The built environment professions must work together to tackle the new Building Safety Bill ‘juggernaut’ to build trust and respect through better competence, appropriate insurance and smarter procurement.
So said former RIBA president and RIBA Expert Advisory Group on Fire Safety Jane Duncan at a technical competency briefing
on the subject run by NLA before Christmas following publication of the draft in July and the Hackitt review response to the Grenfell Fire – over three years ago.
Duncan was presenting after Andrew Alexander, assistant director, building safety strategy at the Ministry of Housing, Communities and Local Government had outlined the major work programme and changes he said were intended to ‘save people’s lives and make people feel safe in their homes’.
The funding is in place to set up a new regulator, he said, and there were ‘very supportive noises’ coming from the centre of government about adequately resourcing the areas where there were regulatory shortfalls in the past.
The catalyst had been the 72 people who died at the 24-storey Grenfell, said Duncan, but there were concerns over the pace of action since.
‘The truth is we need to look at this, which was in June 2017, and this is nearly the end of 2020. Yes, we’ve got some fantastic things being produced here but it’s at very early stages for a lot of this. I am concerned at the time it’s all taking and what’s happening in the meantime’.
Fire has no respect for people or the complexity of regulations, building heights or sustainability, so was it enough that the new regulation only deals with high rise flats, Duncan asked. Indeed, Duncan added, can material suppliers be trusted, given some of the coverage of the Grenfell inquiry.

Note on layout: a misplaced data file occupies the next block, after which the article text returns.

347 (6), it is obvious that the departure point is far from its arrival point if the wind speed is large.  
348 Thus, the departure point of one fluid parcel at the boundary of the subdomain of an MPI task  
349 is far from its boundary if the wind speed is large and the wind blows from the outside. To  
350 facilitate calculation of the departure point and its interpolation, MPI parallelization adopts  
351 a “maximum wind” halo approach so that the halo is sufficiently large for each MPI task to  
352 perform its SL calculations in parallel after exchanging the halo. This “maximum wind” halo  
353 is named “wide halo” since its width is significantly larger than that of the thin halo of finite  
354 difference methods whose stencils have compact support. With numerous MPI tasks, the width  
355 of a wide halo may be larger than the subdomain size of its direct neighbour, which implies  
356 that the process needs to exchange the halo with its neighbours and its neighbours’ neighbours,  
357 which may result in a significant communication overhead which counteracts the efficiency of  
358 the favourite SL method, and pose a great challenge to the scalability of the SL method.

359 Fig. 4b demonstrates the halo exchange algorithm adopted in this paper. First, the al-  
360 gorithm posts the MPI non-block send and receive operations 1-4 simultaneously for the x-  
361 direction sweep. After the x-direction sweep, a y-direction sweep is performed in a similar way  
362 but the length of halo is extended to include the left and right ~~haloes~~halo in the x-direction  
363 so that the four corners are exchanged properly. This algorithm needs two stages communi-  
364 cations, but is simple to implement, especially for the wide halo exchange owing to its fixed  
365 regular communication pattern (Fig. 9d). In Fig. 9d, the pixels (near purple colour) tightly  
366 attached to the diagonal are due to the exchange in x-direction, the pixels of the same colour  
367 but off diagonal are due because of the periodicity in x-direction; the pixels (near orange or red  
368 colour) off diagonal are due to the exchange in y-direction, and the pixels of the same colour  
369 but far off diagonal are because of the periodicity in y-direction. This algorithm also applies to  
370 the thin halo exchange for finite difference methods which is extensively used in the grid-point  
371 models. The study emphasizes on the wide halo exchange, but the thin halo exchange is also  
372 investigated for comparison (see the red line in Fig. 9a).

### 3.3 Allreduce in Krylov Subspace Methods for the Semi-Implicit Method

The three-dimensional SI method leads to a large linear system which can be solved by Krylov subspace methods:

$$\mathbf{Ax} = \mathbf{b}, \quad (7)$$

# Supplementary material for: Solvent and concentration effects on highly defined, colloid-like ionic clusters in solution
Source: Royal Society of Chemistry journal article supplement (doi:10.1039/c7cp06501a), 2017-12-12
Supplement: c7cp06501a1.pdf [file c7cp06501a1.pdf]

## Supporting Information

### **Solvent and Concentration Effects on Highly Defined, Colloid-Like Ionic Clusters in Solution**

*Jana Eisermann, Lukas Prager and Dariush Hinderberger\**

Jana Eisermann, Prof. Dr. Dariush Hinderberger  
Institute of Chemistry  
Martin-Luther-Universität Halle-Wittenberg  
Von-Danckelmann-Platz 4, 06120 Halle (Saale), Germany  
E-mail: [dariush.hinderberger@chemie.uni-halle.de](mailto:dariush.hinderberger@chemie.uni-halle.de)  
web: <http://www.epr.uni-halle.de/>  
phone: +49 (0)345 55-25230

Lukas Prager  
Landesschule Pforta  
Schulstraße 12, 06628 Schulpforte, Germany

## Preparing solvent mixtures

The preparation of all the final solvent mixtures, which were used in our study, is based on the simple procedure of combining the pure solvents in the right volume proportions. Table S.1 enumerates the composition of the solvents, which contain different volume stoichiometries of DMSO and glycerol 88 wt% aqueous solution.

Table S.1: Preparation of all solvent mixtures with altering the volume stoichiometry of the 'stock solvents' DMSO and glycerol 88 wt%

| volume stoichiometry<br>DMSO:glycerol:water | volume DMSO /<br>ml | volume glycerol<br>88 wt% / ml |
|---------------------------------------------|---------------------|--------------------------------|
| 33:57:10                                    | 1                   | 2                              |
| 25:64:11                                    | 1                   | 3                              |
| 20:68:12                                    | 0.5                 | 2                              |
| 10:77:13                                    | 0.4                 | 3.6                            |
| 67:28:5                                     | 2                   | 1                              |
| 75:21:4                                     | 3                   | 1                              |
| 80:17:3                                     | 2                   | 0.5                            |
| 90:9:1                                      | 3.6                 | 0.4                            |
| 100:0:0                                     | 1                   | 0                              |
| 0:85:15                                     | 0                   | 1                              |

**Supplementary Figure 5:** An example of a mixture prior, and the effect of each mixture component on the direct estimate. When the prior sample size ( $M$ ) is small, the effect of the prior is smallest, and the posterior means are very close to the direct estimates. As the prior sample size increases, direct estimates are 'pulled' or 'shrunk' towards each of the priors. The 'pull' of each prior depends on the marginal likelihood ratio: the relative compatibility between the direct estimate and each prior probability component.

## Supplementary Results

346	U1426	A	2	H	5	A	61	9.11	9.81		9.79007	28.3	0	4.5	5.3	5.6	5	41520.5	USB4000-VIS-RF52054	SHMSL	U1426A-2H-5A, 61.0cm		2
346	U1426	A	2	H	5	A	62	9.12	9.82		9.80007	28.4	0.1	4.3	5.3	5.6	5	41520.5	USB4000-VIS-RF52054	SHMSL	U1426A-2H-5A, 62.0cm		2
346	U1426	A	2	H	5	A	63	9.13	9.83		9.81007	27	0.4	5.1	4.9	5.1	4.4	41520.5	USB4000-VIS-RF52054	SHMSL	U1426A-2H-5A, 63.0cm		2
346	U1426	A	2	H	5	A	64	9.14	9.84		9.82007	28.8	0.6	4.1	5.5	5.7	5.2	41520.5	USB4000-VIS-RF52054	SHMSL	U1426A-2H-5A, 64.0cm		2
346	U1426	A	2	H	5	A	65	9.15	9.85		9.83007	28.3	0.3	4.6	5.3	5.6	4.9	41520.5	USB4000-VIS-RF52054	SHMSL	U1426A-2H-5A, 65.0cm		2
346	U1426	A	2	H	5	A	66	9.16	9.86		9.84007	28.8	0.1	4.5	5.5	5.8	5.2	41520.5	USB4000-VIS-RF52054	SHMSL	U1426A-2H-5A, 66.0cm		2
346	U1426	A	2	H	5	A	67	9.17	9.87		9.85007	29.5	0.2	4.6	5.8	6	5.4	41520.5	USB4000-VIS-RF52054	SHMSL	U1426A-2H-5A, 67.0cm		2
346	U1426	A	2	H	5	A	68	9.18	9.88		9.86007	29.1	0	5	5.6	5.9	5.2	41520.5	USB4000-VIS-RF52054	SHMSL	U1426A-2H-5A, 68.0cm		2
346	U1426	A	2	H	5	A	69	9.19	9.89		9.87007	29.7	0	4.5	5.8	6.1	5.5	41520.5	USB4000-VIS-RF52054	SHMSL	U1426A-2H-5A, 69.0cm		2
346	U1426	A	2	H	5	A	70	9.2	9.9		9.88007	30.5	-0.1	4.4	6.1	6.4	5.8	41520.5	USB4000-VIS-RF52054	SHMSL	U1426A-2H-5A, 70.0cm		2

‘We need to understand how awful the construction industry must look to the rest of the world’, she said.
The RIBA wants a ban on combustible materials on cladding, alternative means of escape and sprinklers and automatic fire suppression systems as they have in Wales, and is supportive of the proposal to create a new Building Safety Regulator, and Health & Safety Executive as its regulatory body. But it stresses that there should be clear duties for all those involved, and everyone should have equal responsibility, added Duncan, with the Bill applying to a wider range of buildings. ‘This is a once in a generation opportunity’, she said, added that permitted development schemes are a particular area of concern. Quality is often lost due to value engineering, but fire safety must be maintained: ‘It’s called value engineering; it's not called cost-cutting’, Duncan said. ‘We should be making sure that we're engineering better value buildings, not cheap rubbish that leaves a bad legacy’.
The session also heard from Peter Caplehorn, chief executive of the Construction Products Association on the implications for the construction industry, and a sector that works across 24,000 companies. Some 78% of construction products used in the UK are made in the UK, he said, and of the remainder, two-thirds come from Europe. The last 50 years have resulted in a lack of quality checking and increasing lack of regulatory understanding, as well as a drive towards least cost, quickest time, and a push to deregulation, said Caplehorn.
‘If we intend to have a culture change across the industry, it is actually about regulations and reach of responsibility that affects everybody in the whole industry’.
Regulations are not there to be achieved, they are there to be exceeded, he added. ‘This is about rethinking how we undertake work in the whole built environment’.